These are just some of the top companies leveraging Pinterest to gain customers. Check out their boards to see more examples of what images and concepts they curate via the pin system, and use the power of the picture to gain leverage for your own budding brand.

Is your business ready for digital disruption?

thrown away VHS tapes

This is what digital disruption looks like.

One of the misunderstandings about disruption is that it won’t politely knock and wait at your business’ door. It will interrupt your sales conversations and potentially require you to reinvent your entire business model.

This has already happened with HMV who have just re-launched their website for a second time, after digital disruption snatched most of their physical stores from the high street. Now they need to make up for lost time and get their products in the faces of customers on Google Search, before Amazon pop-ups and makes a better offer.

It is why black cab drivers are staging protests about private hire app Uber. People got fed up standing in bad weather attempting to hail a cab. Then also being expected (especially in London) to carry physical cash on them and pay a tip for good measure. With Uber you can hire a taxi from your mobile, set a clear pickup location and the money just comes straight out of the bank account – no physical cash handling needed (in fact, Uber drivers aren’t even allowed to handle cash).

We are also seeing the earthquake of disruption hit the financial services space. Only last week a new digital bank launched called Atom that will let you setup a current account from an app, that will immediately integrate with Apple Pay. What’s more, this is a bank that boasts a personality (just explore their website) – a deadly weapon that will probably make it more appealing to online audiences.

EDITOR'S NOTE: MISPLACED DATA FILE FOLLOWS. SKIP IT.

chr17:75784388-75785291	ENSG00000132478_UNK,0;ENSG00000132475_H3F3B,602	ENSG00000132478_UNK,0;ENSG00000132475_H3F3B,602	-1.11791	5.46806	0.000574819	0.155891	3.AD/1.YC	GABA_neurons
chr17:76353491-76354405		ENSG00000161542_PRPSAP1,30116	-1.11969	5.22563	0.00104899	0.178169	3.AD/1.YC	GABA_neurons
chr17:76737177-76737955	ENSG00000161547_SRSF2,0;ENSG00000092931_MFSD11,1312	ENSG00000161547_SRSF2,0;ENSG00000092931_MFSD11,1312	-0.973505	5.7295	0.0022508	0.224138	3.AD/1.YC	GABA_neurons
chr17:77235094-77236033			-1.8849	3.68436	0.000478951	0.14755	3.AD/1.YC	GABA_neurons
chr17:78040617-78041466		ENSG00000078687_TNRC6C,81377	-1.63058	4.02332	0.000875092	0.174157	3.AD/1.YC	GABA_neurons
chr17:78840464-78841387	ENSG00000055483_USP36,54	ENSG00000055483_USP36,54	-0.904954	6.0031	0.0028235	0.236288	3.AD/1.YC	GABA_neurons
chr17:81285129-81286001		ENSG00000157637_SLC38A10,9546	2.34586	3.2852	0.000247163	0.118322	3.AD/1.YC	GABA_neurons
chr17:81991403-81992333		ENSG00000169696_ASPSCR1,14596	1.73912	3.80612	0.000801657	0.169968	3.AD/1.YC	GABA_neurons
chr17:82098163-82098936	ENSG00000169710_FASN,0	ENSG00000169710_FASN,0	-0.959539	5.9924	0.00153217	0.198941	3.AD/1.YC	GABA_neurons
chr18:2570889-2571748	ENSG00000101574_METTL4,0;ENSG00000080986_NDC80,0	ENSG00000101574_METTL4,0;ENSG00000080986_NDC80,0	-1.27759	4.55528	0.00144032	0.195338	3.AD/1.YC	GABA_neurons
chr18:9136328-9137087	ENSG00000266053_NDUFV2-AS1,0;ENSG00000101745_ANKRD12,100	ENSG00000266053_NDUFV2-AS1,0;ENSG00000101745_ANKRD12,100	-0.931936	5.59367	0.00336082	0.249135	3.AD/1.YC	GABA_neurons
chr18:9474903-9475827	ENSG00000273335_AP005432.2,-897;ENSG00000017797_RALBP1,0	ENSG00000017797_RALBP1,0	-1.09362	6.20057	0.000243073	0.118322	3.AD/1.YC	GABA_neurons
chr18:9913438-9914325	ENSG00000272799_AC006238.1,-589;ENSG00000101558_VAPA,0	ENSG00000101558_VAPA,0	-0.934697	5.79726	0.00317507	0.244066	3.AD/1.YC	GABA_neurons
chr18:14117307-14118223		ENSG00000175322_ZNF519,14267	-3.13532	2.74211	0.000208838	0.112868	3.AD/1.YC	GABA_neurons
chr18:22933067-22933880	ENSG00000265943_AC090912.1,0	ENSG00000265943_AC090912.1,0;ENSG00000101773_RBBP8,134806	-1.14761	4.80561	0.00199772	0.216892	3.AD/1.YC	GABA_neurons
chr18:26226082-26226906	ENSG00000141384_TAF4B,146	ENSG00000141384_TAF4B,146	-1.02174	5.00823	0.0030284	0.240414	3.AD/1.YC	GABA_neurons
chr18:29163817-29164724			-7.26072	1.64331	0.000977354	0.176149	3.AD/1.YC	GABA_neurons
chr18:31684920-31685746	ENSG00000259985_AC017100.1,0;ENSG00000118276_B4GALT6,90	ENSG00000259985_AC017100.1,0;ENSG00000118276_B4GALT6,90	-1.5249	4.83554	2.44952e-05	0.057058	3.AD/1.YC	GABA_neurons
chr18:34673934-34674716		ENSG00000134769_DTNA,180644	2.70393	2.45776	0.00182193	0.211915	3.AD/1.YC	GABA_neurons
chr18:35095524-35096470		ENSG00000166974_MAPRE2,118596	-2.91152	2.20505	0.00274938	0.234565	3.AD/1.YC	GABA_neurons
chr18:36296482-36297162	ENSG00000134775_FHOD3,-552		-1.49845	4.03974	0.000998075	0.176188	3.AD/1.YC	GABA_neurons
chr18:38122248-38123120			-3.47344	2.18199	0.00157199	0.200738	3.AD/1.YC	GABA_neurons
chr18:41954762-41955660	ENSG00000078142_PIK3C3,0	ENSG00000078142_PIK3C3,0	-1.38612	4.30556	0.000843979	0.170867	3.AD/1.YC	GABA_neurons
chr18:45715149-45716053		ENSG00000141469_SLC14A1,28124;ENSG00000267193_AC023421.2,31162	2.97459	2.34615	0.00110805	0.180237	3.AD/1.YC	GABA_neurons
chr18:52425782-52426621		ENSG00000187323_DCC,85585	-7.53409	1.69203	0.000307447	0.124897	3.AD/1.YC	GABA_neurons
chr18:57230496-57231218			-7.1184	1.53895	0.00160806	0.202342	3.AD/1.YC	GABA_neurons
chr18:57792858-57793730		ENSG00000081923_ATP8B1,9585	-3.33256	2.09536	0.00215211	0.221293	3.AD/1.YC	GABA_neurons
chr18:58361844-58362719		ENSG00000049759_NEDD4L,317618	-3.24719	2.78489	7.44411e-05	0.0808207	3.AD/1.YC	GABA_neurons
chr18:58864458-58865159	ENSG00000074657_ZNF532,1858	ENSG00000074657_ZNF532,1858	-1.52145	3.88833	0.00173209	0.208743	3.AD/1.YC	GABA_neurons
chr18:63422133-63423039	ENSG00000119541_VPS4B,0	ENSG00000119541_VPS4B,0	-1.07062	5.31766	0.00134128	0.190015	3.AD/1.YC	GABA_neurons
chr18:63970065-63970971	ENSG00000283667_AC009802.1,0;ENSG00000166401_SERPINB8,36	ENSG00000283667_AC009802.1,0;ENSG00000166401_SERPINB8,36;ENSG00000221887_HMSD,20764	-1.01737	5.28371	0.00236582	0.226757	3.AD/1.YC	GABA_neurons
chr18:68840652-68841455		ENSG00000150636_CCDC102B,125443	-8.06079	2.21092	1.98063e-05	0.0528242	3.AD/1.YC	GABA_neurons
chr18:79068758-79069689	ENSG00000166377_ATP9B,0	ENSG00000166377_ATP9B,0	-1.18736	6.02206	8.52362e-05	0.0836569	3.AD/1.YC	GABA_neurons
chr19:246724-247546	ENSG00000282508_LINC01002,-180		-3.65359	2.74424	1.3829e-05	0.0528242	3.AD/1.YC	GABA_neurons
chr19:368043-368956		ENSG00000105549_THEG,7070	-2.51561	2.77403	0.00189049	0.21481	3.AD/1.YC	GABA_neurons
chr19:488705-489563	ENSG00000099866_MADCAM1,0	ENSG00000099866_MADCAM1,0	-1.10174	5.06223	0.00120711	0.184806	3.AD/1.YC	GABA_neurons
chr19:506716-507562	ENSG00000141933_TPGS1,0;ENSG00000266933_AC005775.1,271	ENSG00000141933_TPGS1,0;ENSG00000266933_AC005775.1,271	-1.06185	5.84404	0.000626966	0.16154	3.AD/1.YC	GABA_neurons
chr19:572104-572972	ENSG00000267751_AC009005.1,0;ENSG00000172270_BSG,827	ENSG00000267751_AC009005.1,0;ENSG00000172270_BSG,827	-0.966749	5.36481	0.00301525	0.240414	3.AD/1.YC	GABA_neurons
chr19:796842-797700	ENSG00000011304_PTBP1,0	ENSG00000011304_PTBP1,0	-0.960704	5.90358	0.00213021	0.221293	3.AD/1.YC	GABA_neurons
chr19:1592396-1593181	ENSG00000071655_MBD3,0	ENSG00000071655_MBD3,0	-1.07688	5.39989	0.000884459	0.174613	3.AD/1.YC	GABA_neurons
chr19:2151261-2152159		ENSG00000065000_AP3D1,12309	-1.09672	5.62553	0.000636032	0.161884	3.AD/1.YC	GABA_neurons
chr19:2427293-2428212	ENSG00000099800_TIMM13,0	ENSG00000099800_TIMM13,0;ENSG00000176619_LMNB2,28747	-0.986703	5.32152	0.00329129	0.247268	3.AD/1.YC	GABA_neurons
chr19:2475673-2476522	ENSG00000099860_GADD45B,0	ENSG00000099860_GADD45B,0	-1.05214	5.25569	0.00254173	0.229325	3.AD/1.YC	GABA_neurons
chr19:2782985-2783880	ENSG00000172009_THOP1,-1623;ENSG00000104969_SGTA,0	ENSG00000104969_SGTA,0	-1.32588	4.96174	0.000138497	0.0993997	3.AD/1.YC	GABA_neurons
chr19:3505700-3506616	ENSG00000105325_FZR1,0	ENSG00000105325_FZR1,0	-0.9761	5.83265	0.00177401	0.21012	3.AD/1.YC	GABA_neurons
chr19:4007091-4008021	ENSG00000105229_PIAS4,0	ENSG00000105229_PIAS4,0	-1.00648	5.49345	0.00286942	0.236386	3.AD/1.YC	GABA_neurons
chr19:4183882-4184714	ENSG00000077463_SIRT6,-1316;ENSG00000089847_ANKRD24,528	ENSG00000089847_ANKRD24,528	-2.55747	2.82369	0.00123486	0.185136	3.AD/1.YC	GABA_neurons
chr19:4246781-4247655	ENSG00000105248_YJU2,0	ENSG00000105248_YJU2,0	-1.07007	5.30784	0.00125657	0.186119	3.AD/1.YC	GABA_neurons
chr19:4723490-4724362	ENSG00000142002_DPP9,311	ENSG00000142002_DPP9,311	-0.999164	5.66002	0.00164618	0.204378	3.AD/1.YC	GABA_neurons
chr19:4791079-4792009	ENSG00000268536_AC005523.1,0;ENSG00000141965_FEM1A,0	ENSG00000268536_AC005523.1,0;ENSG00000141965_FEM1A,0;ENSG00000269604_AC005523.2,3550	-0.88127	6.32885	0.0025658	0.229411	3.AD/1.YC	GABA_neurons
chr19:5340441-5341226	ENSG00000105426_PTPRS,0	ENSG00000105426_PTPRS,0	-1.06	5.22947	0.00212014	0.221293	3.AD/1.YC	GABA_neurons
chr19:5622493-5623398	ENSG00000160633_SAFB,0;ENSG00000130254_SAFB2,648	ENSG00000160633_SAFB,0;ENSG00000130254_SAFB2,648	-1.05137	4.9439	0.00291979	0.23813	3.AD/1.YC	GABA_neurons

If PR is about managing reputation, then it’s also about managing digital disruption. Over the last five years I’ve worked with a number of organisations who all were facing the challenge of disruption, turning parts or all of their business models upside down. From magazines, construction companies, to financial services. It’s why PR shouldn’t just be a function of marketing, but an integral part of board-level decisions.

Why a Public Relations (PR) degree is worth your time and money

Printing newspapers

My parents have three sons. All three of us have achieved first class degrees, except mine isn’t in law or science, it’s a public relations degree. A degree I would describe as 50/50 academic and vocational. It’s for this reason that I’ve never had a problem with employment.

Before I graduated I had a job waiting and it’s been like that ever since. Every month I’ve had a salary hit my account as a direct result of PR related work. I don’t intend to boast. I’m from the University of Gloucestershire class of 2012 – entering education as the recession laid agencies to waste. The world hadn’t recovered on graduation.